As you may already know, QR (Quick Response) Codes can quickly lead anyone with a smartphone or other equally intelligent device to any website page it's been assigned to. What you may not know is how one clever Southern California beach town is planning to implement their use ... for cyclists!
San Clemente, California, has applied to the Orange County Transportation Authority for a $176,000 grant to provide bicycle parking and new bike route signs. The Pacific Coast Bicycle Route that runs through the town is travelled by literally hundreds of cyclists each day, connecting them with beautiful coastal views and a near-perfect year-round riding environment. The proposed new signs would direct cyclists along the route as they currently do, but in addition they would be equipped with QR Codes to provide programmed information to the cyclist, based on the exact geographic location of the sign scanned. Information could promote local events and businesses, as well as provide maps and directions to nearby restaurants, bike shops, and beaches.
Local residents Brenda Miller and Barrry Wood have put together a group called PEDal, San Clemente's Non-Motorized Transportation Committee to promote walking and bicycling, and operate a website (http://myfeetfirst.org/) with a host of wonderful news and information for San Clemente's Complete Streets advocacy. They have added a new page (http://myfeetfirst.org/wayfinding.php) that describes how the QR Code-linked signs would work, along with a sample page for a specific in-town sign location, showing what the website might display if a cyclist scanned the QR Code on that sign.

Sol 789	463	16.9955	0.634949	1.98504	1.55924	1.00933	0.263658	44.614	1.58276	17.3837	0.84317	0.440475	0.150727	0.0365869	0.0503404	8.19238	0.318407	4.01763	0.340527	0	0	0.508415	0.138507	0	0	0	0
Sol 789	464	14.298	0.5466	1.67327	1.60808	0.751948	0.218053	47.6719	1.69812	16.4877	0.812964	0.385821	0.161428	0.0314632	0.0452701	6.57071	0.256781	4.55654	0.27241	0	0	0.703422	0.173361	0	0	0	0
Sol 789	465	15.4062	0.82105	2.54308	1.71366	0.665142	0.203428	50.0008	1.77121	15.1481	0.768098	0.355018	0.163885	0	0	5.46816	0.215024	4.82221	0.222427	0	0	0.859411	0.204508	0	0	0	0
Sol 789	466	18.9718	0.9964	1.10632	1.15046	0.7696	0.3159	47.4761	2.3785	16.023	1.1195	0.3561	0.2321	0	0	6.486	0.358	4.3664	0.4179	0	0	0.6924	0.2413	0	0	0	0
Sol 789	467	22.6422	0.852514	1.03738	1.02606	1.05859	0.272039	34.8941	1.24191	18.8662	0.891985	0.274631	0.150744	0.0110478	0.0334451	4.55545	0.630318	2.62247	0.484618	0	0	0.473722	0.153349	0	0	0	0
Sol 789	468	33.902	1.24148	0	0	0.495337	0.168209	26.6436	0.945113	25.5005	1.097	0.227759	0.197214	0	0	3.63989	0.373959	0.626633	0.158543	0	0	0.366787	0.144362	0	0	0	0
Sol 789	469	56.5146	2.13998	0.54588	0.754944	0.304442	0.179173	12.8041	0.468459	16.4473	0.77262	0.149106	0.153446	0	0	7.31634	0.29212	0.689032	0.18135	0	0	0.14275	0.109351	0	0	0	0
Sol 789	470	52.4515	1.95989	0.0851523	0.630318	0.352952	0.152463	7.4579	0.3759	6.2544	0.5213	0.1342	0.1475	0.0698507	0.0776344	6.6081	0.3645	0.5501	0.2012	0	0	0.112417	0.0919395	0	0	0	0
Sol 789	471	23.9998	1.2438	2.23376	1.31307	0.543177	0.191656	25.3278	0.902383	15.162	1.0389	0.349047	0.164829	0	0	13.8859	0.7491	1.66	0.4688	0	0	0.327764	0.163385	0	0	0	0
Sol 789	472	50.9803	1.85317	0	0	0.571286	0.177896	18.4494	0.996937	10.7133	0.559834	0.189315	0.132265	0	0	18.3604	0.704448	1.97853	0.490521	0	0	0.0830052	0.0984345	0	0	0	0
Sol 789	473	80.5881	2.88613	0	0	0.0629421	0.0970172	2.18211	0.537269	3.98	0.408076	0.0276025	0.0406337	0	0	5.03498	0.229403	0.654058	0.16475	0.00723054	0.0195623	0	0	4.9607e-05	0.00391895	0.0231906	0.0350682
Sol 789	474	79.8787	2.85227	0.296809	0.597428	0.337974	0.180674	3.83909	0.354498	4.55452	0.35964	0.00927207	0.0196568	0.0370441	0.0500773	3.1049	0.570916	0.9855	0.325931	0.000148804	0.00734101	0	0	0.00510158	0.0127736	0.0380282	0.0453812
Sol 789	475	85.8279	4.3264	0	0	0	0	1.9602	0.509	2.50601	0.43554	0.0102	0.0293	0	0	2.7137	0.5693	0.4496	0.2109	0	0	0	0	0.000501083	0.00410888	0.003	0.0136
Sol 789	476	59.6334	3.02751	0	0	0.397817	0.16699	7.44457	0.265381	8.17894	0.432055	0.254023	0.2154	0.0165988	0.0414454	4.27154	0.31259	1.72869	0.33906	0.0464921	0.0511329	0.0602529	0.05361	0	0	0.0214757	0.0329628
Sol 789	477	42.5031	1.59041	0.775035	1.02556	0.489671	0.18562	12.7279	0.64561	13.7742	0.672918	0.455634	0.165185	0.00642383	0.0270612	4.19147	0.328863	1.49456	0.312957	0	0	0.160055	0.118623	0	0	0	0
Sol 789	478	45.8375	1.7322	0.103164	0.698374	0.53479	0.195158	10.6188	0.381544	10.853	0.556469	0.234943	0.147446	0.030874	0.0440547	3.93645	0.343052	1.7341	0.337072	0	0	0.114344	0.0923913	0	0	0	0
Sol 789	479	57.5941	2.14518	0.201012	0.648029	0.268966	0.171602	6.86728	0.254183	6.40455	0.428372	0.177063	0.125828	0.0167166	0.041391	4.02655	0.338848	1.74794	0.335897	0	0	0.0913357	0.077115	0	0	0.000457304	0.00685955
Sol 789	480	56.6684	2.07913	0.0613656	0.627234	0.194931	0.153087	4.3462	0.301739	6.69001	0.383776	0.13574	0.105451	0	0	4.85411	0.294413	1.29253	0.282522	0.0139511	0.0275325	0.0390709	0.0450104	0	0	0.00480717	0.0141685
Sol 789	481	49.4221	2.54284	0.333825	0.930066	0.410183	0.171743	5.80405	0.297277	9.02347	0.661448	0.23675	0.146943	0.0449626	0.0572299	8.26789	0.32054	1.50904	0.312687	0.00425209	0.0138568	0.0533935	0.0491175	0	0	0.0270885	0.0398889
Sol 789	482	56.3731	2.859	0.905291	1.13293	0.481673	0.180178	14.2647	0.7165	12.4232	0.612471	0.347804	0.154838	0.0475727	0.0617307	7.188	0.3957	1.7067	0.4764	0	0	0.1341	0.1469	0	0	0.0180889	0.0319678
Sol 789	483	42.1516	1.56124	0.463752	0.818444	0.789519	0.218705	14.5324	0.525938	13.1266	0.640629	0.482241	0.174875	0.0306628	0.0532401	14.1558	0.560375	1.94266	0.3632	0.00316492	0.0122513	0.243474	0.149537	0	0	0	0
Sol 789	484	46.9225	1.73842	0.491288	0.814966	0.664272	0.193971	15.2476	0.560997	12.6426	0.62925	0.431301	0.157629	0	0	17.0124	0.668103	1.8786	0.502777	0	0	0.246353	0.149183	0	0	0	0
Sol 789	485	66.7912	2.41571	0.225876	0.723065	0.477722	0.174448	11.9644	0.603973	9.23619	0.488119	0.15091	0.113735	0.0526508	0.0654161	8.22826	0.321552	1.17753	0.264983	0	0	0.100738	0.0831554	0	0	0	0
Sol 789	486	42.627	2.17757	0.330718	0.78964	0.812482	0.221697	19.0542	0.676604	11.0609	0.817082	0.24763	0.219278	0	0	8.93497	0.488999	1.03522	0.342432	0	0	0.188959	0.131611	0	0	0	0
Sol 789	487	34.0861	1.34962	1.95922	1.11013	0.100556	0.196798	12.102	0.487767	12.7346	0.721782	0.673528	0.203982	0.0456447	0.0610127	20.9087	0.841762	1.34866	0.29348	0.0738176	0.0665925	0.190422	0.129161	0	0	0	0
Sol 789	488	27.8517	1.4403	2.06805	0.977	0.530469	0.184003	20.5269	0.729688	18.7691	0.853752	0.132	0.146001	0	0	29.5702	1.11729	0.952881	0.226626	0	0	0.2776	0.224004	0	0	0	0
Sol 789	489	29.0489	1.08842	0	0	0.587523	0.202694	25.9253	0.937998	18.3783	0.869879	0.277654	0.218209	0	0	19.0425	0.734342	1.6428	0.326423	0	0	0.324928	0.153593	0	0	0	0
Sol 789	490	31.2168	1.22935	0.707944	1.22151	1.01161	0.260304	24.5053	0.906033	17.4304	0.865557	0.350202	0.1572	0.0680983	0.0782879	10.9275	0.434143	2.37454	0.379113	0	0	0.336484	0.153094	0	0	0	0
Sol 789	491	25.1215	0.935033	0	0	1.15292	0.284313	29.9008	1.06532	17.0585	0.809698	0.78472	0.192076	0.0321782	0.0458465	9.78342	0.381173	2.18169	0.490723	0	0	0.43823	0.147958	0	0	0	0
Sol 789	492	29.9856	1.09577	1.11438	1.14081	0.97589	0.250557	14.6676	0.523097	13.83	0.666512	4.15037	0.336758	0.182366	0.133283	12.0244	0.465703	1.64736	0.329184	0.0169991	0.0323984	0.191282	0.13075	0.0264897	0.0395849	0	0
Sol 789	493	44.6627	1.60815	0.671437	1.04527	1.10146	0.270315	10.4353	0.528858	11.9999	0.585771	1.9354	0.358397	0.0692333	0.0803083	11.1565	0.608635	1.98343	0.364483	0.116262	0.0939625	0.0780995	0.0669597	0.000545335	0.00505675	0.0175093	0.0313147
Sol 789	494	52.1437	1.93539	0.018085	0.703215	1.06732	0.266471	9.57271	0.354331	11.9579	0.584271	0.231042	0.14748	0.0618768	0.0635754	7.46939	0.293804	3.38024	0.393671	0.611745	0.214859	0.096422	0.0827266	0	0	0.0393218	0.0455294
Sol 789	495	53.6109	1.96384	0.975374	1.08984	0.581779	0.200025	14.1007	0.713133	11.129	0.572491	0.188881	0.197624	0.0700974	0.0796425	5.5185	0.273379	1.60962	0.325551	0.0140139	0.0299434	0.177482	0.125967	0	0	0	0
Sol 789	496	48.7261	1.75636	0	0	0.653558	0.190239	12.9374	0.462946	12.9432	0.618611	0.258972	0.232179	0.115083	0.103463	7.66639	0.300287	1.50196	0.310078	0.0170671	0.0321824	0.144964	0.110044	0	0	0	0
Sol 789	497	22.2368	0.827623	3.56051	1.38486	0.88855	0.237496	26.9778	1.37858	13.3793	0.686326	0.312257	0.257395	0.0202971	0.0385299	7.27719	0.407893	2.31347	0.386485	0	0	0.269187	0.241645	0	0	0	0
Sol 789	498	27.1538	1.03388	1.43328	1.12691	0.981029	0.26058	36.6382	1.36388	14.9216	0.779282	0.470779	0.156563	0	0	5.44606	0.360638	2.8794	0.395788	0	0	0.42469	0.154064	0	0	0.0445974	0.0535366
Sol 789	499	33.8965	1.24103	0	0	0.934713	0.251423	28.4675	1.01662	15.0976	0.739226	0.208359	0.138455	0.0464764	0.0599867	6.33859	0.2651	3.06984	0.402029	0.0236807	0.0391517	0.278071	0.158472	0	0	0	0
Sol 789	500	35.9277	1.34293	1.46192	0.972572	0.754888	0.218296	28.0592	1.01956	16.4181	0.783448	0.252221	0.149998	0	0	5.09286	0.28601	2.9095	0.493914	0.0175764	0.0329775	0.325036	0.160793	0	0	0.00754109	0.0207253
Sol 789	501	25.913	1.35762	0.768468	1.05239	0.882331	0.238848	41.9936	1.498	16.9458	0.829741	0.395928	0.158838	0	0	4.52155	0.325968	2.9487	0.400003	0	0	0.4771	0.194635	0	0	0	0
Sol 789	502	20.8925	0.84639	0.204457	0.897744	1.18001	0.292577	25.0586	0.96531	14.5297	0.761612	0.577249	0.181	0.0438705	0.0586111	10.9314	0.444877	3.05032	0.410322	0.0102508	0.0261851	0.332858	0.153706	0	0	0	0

Tom Frank, San Clemente's transportation engineering manager, said city staff developed the grant application in concert with the Orange County Bicycle Coalition and PEDal, as part of the city's Bicycle and Pedestrian Master Plan. Nice to see signs taking front and center stage!
Isn't it great to see this new technology being put to work to enhance an entire community? What other ideas are out there for QR Code applications?
Until next time, be your own yardstick ;)